Q – How soon will my wage garnishment stop?

A – Your brighter financial future starts right away if you paychecks are under a garnishment. The bankruptcy filing in any chapter will stop the wage garnishment for most debts. In fact, if the garnishment has been going on for less than two months, you may get some or all of your garnished income returned to you. Getting your garnished money back does not happen in all cases, however. It is best to consult with our firm on this point.

Q – Will the bankruptcy case stop my foreclosure?

A – If you are in a Chapter 7 case and you intend to surrender the home, then yes, the Chapter 7 case will place a temporary pause on the foreclosure process. The pause can be as little as two months and perhaps as long as six or more months.

If you are in a Chapter 13 case and you intend to surrender the home back to the bank, as in Chapter 7 cases, there will be a temporary pause on the foreclosure process for the same two to six months.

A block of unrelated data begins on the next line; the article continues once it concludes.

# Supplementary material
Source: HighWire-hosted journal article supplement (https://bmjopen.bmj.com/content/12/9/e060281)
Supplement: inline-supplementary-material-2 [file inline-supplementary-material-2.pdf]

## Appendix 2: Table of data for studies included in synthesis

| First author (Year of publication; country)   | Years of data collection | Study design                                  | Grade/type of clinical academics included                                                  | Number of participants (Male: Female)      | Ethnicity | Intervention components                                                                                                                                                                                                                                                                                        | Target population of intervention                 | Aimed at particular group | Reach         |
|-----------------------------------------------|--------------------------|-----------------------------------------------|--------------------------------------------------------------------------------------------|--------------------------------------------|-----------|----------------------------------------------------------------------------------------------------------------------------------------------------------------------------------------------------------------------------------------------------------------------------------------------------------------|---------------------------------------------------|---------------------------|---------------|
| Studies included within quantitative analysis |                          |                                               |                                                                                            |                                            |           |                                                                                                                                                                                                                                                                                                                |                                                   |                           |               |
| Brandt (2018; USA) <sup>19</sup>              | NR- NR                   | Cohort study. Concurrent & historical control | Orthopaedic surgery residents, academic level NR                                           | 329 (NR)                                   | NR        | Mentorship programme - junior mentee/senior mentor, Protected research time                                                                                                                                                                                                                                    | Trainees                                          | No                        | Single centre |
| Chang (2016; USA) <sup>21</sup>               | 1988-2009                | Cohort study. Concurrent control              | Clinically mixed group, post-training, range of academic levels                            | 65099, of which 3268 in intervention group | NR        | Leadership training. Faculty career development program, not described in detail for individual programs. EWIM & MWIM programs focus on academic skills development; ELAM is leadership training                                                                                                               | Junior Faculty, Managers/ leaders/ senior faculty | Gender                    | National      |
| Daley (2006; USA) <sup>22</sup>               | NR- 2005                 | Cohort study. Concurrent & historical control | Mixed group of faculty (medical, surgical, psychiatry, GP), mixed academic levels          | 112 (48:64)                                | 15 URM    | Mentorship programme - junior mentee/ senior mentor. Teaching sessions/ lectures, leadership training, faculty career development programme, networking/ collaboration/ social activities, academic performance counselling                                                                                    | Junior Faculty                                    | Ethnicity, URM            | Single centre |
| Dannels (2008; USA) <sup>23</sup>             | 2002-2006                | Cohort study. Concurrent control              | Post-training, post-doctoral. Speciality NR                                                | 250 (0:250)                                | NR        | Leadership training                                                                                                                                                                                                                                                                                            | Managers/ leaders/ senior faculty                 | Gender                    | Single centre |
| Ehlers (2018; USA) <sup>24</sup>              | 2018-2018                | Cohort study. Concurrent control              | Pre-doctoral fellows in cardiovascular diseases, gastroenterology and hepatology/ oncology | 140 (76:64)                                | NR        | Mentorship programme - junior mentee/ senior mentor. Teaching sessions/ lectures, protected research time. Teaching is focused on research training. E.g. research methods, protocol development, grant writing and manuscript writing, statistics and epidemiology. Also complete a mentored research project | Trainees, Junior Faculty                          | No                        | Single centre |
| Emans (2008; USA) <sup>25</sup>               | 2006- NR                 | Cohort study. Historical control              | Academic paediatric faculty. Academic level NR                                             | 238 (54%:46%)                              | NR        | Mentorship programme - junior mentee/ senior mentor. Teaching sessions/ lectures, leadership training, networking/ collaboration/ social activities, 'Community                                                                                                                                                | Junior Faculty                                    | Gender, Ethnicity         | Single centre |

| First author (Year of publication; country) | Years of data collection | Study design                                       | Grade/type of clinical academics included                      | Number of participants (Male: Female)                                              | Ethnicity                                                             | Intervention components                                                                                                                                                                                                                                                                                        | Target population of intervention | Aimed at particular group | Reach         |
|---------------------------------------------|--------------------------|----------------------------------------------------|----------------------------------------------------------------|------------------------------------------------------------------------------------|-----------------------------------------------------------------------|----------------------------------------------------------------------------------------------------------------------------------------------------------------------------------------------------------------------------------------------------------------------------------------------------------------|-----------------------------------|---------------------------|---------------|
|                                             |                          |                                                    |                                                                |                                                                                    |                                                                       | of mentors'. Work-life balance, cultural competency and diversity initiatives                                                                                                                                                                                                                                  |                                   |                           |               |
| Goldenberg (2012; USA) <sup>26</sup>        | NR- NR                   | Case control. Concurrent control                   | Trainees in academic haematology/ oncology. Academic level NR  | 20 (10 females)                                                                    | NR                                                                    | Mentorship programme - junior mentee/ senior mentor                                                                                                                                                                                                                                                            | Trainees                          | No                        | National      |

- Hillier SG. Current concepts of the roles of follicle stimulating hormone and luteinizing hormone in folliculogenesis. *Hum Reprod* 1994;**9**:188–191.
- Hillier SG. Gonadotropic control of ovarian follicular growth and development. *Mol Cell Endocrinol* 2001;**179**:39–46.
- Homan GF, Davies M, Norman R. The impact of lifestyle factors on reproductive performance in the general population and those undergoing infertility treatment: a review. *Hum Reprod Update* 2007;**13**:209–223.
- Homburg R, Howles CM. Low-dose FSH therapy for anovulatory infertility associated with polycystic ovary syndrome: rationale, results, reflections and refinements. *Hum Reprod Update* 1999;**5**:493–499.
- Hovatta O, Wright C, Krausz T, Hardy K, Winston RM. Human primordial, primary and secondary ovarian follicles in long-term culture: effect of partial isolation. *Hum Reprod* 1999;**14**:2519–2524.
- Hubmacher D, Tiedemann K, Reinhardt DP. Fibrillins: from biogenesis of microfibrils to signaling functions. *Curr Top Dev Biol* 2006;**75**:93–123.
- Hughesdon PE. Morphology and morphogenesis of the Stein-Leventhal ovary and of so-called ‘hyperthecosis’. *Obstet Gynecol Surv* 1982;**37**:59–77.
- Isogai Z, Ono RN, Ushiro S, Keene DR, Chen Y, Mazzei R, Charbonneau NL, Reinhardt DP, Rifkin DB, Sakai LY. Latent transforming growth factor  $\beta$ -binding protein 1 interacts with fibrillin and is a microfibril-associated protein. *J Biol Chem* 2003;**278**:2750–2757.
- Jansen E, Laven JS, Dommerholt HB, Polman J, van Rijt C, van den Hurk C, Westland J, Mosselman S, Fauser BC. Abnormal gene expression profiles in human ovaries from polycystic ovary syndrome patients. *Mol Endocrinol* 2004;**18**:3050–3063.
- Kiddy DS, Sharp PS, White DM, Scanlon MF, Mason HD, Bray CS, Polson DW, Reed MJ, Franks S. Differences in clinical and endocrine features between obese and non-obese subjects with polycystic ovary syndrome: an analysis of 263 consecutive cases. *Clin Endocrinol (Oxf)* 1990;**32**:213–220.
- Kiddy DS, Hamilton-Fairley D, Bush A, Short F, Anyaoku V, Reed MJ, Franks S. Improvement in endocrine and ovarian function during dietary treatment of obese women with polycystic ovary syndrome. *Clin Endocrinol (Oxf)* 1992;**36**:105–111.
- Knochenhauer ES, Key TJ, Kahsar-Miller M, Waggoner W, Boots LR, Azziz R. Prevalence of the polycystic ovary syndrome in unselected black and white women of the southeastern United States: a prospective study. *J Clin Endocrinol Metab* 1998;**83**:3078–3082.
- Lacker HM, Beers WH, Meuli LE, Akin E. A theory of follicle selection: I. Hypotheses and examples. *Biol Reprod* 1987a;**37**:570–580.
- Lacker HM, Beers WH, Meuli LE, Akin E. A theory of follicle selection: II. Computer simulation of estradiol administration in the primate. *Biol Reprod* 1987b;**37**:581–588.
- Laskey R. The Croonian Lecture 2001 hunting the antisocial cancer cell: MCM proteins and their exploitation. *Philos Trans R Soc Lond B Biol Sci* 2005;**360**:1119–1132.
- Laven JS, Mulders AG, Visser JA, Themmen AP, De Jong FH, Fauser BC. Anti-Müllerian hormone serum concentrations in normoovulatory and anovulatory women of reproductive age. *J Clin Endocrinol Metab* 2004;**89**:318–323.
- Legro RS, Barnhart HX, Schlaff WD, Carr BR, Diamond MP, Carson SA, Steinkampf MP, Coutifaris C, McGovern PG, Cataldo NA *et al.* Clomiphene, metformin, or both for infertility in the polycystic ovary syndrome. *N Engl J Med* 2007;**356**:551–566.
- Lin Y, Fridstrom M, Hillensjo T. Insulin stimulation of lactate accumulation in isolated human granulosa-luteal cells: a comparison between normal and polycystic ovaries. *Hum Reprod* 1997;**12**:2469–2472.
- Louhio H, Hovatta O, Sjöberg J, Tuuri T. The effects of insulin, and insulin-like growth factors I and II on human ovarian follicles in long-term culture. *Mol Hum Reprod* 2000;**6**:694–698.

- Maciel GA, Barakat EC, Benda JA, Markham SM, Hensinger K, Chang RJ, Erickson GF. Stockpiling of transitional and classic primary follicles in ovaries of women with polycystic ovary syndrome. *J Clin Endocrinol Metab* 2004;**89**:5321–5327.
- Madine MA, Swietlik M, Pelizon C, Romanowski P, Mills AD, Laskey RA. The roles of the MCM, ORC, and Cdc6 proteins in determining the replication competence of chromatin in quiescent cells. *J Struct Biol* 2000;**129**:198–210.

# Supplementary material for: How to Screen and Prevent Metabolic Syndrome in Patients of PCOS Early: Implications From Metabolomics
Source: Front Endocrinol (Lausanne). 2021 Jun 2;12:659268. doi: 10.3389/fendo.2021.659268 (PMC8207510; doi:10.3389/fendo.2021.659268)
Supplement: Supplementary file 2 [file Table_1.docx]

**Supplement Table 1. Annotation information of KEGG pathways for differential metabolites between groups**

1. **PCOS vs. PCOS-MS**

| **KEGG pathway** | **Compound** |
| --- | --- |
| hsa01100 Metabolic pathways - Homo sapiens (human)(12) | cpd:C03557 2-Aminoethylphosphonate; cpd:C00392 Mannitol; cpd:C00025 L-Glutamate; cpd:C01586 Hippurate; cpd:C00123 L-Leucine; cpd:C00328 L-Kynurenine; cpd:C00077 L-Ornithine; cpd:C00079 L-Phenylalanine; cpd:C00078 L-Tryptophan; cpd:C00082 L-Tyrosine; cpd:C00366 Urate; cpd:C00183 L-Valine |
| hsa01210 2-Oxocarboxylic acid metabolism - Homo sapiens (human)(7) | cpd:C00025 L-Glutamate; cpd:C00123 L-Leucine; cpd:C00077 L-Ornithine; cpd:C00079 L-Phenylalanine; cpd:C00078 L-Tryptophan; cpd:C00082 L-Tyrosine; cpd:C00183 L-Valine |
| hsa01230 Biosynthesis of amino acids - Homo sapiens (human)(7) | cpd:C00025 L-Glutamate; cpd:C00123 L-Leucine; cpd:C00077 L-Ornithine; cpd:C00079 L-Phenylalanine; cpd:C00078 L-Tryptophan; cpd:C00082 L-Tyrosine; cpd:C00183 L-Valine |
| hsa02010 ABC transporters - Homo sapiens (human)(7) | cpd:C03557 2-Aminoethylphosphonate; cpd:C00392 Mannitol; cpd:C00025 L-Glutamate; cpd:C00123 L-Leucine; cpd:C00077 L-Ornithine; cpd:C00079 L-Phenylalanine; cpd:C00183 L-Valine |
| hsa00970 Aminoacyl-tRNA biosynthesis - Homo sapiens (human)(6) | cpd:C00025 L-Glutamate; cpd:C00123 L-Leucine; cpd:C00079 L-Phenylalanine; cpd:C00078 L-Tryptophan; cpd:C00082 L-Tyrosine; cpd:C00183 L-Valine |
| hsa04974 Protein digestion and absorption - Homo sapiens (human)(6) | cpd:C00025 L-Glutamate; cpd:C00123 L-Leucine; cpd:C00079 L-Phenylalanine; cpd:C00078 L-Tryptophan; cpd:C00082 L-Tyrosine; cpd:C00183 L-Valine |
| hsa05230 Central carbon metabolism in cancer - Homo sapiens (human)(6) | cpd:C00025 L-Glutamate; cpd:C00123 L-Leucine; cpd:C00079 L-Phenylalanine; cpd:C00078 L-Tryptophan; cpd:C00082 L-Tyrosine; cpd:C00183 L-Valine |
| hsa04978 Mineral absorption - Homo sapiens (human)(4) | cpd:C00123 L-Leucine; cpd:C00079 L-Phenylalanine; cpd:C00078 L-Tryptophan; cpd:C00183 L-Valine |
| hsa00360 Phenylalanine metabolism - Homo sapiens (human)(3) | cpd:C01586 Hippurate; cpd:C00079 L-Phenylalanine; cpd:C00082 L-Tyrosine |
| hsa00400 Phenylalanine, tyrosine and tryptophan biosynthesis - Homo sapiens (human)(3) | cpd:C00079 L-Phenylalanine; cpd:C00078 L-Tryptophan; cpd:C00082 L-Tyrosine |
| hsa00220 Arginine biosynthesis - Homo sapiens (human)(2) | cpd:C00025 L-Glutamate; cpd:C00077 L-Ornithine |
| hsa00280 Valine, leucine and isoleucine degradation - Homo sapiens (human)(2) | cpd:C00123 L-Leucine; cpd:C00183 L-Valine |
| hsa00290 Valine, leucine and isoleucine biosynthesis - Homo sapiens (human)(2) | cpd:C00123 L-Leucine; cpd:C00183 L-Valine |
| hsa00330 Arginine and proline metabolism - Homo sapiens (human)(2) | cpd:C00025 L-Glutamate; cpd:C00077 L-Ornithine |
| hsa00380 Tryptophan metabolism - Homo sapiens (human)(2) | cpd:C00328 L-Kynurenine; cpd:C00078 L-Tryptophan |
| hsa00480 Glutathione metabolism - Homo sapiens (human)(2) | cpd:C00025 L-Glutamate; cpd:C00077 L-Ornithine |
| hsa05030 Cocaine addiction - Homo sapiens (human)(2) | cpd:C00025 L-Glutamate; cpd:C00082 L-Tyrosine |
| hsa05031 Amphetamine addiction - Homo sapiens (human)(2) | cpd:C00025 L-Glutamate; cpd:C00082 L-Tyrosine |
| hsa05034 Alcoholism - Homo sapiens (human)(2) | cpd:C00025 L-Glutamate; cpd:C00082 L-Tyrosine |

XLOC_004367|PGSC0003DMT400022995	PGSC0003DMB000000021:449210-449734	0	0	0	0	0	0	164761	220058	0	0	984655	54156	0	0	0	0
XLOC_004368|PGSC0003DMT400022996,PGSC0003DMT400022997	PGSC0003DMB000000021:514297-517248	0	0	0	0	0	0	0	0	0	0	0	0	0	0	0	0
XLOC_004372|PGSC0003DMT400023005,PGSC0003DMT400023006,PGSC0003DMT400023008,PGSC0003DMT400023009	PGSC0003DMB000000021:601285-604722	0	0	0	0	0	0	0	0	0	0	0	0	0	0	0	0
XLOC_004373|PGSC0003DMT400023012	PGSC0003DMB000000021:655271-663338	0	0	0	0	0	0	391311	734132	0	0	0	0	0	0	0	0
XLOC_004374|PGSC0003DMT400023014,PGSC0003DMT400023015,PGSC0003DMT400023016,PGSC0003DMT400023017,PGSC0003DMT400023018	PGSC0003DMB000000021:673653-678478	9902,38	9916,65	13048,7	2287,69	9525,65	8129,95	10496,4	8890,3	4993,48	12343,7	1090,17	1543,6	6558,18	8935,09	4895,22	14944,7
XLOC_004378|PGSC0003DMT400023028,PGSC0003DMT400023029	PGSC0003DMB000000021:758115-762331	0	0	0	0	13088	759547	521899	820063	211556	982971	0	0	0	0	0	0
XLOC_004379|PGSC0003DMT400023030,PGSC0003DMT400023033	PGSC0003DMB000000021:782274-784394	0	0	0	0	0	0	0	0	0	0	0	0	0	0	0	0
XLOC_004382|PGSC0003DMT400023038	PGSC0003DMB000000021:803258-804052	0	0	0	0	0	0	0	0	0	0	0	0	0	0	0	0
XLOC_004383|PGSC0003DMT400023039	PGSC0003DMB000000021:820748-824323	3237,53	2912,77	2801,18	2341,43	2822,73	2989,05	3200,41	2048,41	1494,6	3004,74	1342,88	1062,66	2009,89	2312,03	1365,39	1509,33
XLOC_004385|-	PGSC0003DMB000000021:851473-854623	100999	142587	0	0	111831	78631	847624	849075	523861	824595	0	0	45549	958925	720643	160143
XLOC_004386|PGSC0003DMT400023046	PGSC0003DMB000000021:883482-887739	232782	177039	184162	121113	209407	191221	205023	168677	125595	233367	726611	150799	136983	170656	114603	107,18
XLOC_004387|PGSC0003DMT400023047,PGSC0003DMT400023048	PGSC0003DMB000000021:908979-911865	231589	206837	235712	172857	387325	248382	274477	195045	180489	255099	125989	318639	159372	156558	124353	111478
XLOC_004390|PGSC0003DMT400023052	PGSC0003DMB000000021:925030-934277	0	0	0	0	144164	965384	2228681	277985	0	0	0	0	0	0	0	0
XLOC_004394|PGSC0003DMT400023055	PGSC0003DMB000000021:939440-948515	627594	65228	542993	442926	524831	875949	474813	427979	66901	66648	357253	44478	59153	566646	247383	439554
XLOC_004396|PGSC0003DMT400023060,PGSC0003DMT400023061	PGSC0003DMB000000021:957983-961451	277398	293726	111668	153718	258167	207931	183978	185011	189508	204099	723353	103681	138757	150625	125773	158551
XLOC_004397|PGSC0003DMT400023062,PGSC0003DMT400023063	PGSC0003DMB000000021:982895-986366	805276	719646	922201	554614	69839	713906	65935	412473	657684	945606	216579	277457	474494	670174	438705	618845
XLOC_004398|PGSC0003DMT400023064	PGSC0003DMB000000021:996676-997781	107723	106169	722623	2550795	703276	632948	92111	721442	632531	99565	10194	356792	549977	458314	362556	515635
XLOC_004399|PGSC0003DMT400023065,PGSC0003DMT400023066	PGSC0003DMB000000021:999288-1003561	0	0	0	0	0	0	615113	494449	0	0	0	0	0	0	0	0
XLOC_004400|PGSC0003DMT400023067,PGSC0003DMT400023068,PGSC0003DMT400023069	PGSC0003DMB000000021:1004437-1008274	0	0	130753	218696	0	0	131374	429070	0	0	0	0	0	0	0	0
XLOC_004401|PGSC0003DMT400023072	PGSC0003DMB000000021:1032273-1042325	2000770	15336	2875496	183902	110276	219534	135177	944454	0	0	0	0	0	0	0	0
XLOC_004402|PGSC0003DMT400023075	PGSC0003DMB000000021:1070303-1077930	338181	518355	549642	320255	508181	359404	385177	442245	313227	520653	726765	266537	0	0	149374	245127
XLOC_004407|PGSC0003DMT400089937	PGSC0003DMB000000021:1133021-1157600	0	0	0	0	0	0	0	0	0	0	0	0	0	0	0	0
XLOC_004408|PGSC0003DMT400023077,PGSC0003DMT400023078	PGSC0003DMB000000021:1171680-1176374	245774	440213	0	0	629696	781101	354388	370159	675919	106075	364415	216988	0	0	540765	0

If you are in a Chapter 13 case and you intend to save your home through the Chapter 13 plan, even though you are delinquent on payments on your mortgage(s), the Chapter 13 filing will in fact stop the foreclosure.

As long as you make the required payments into your Chapter 13 plan, payable to the Chapter 13 Trustee, your home is likely to be safe from foreclosure. However, there are some rare exceptions. Our firm is very qualified to help you understand your individual case.

Q – Can I continue to live in my house after a bankruptcy filing?

A – It is best to break this down into two answers. If you are in a Chapter 7 filing, and the house payments on all mortgages are all current, then the Chapter 7 filing in most cases will not have any net negative effect upon you keeping your house, providing of course that you keep up the payments.

If you are in a Chapter 13 case, then the answer has two parts. If as of the time of the filing Chapter 13 the house payments on all mortgages are all current, then the Chapter 13 filing in most cases will not have any net negative effect upon you keeping your house, providing of course that you keep up the payments.